What to do if something wild chomps down on you

What to do if something wild chomps down on you



Luckily, we only have three venomous vipers in Canada—the Massasauga, Northern Pacific and prairie rattlesnakes—and none are particularly aggressive unless disturbed or provoked. If you do get bit, seek immediate medical attention. But what if that’s not possible?


First, don’t panic—rattlers have reportedly killed just three people in Canada, so your odds are good. Next, restrict your movement and keep the affected area below your heart level to reduce the flow of venom. Clean the wound, but don’t flush it with water, then wrap it with bandages.

Do not apply a tourniquet or cold compress, cut into the bite, suck out the venom, take medication unless prescribed by a doctor, or drink caffeine or alcohol—these measures won’t help, and they could make matters worse.



In Canada, the black widow is the only spider to really worry about. According to Health Canada, “the degree of reaction to the black widow spider bite depends on the area of the body bitten, amount of venom injected, and a person’s sensitivity to the venom.” If you do get bit, stay calm, apply an ice pack to the bite to relieve swelling and pain, and seek medical attention as soon as you can.

Fanged beasts

If an animal bite creates a deep puncture wound, or your skin is badly torn and bleeding, apply direct pressure with a clean, dry cloth to stop the bleeding. Note whether the animal appears to be rabid. And of course, get medical attention as soon as possible.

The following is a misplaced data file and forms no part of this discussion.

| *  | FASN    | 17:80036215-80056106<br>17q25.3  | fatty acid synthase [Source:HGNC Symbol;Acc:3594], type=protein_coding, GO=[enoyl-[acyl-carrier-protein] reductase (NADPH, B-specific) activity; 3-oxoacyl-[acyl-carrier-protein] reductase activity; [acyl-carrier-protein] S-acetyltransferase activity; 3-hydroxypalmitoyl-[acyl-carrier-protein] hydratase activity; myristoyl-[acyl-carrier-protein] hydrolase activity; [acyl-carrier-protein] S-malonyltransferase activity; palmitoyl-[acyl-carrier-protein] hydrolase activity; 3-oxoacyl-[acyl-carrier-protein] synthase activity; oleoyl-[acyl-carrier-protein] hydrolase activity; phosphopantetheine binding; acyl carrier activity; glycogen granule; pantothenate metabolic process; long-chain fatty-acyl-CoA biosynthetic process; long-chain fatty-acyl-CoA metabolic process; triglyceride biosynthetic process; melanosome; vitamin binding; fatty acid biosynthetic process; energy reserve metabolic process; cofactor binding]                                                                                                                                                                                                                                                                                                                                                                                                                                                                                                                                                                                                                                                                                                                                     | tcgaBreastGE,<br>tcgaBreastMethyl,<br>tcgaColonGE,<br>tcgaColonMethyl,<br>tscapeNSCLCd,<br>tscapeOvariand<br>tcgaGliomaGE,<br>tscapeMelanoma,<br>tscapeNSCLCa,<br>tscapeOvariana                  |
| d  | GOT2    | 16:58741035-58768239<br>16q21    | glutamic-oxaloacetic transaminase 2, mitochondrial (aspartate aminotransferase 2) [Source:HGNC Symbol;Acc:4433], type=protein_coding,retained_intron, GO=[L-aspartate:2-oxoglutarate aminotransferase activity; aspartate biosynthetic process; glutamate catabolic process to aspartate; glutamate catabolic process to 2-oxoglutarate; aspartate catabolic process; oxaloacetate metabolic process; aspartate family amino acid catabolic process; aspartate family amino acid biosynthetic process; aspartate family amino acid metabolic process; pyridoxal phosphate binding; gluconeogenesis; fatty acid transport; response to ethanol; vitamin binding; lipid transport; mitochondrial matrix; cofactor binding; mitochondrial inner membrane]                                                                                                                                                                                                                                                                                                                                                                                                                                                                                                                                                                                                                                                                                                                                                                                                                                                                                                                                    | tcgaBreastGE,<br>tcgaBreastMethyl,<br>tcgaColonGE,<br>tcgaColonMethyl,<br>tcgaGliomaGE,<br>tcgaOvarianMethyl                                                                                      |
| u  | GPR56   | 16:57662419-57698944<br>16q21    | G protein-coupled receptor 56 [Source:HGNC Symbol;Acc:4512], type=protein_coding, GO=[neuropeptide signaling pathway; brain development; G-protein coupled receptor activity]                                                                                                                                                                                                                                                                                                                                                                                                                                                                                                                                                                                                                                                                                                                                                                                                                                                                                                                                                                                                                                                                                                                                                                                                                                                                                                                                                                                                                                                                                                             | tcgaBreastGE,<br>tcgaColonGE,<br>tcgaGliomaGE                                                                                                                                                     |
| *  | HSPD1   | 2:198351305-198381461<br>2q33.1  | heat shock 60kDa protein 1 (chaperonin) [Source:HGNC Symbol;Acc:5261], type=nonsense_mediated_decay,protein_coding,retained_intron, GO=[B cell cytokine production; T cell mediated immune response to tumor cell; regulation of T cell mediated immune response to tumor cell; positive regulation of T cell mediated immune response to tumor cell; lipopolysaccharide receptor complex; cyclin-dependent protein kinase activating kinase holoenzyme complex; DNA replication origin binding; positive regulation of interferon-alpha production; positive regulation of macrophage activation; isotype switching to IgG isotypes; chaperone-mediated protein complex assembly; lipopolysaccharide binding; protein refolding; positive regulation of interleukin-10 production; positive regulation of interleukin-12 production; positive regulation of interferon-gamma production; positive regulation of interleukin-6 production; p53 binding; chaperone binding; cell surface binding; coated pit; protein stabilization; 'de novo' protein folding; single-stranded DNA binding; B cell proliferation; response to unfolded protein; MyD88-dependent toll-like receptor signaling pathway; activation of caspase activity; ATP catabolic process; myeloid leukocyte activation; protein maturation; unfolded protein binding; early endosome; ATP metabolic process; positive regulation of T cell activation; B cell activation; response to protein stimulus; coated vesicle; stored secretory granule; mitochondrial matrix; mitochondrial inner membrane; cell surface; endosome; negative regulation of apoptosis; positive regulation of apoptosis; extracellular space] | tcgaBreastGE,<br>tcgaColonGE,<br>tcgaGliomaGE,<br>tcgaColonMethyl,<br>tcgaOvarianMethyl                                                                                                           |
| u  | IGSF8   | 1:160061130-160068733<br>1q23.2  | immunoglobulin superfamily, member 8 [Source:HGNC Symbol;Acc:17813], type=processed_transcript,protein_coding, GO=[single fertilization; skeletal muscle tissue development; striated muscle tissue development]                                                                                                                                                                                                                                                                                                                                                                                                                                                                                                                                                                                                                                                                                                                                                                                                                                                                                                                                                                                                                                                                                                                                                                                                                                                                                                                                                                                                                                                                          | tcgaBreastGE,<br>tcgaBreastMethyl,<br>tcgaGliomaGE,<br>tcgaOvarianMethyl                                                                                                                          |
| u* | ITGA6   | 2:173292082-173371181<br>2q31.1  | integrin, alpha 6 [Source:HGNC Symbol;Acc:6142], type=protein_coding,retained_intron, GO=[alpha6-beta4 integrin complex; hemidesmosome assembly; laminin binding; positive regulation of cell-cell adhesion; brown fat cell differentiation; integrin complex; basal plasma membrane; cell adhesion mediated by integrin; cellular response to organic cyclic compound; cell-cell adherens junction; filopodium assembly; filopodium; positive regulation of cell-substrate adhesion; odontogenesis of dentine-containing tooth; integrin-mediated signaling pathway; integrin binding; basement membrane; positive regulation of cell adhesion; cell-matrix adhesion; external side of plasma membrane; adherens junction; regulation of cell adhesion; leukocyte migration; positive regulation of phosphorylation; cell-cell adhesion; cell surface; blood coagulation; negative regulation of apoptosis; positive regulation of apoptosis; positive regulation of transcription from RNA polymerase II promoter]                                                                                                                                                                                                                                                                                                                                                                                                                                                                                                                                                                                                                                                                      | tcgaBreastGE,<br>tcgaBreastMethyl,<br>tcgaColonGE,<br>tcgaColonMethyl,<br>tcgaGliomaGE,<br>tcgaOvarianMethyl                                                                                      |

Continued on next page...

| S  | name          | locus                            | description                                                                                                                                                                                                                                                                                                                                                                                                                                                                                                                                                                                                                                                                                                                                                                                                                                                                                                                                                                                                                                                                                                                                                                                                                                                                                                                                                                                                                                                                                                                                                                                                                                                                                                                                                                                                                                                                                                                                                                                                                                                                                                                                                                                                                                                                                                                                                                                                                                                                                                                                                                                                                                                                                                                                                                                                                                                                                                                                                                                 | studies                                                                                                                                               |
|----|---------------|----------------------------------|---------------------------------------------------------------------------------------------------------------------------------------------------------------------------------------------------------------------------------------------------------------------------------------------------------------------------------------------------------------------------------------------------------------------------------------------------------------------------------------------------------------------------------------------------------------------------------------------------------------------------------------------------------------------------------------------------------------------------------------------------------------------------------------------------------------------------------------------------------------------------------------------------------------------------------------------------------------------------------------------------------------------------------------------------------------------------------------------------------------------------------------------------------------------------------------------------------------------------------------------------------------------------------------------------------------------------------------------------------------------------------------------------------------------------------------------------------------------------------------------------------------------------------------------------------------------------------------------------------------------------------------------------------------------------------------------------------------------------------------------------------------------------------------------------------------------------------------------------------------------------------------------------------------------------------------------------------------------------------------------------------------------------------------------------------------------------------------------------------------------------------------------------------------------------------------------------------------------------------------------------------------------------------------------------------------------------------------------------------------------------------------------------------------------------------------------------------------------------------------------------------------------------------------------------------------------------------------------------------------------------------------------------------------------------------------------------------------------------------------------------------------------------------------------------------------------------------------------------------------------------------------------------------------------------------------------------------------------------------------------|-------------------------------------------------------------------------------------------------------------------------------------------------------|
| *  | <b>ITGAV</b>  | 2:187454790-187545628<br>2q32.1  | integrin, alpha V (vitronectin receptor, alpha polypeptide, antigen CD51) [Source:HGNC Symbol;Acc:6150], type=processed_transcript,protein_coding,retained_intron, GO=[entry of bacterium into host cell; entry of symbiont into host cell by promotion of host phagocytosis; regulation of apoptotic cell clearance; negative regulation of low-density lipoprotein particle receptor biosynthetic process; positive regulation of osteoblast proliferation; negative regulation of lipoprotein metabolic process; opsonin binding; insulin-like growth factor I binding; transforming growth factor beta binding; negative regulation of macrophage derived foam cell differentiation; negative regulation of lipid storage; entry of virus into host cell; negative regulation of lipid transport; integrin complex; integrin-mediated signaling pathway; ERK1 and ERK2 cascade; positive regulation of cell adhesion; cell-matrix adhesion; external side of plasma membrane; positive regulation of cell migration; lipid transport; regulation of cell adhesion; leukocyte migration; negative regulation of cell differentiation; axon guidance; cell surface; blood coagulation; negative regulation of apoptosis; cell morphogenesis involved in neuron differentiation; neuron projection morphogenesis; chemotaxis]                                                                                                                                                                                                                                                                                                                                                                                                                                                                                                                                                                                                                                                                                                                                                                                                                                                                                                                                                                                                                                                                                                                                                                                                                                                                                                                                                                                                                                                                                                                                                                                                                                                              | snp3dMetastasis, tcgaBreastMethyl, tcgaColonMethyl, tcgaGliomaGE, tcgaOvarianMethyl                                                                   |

If you’ve been in areas known to have these parasites, inspect any exposed skin afterwards. If you find an embedded tick, grasp it with pointy tweezers, close to your skin, on or near its head. Slowly and steadily pull it straight up, being careful not to squeeze its body—it may contain the bacteria that causes Lyme disease, and squeezing it could push the infected fluid into your body. The faster you remove a tick, the better the odds you won’t contract the debilitating ailment.

Northern pike

Thanks to an anticoagulant in this freshwater predator’s mouth, it can be tough to stop the bleeding if you get on the wrong side of its teeth. Apply direct pressure for at least two minutes, then treat the wound with anti-bacterial ointment and wrapped it tightly with a plastic bandage. And keep fishing.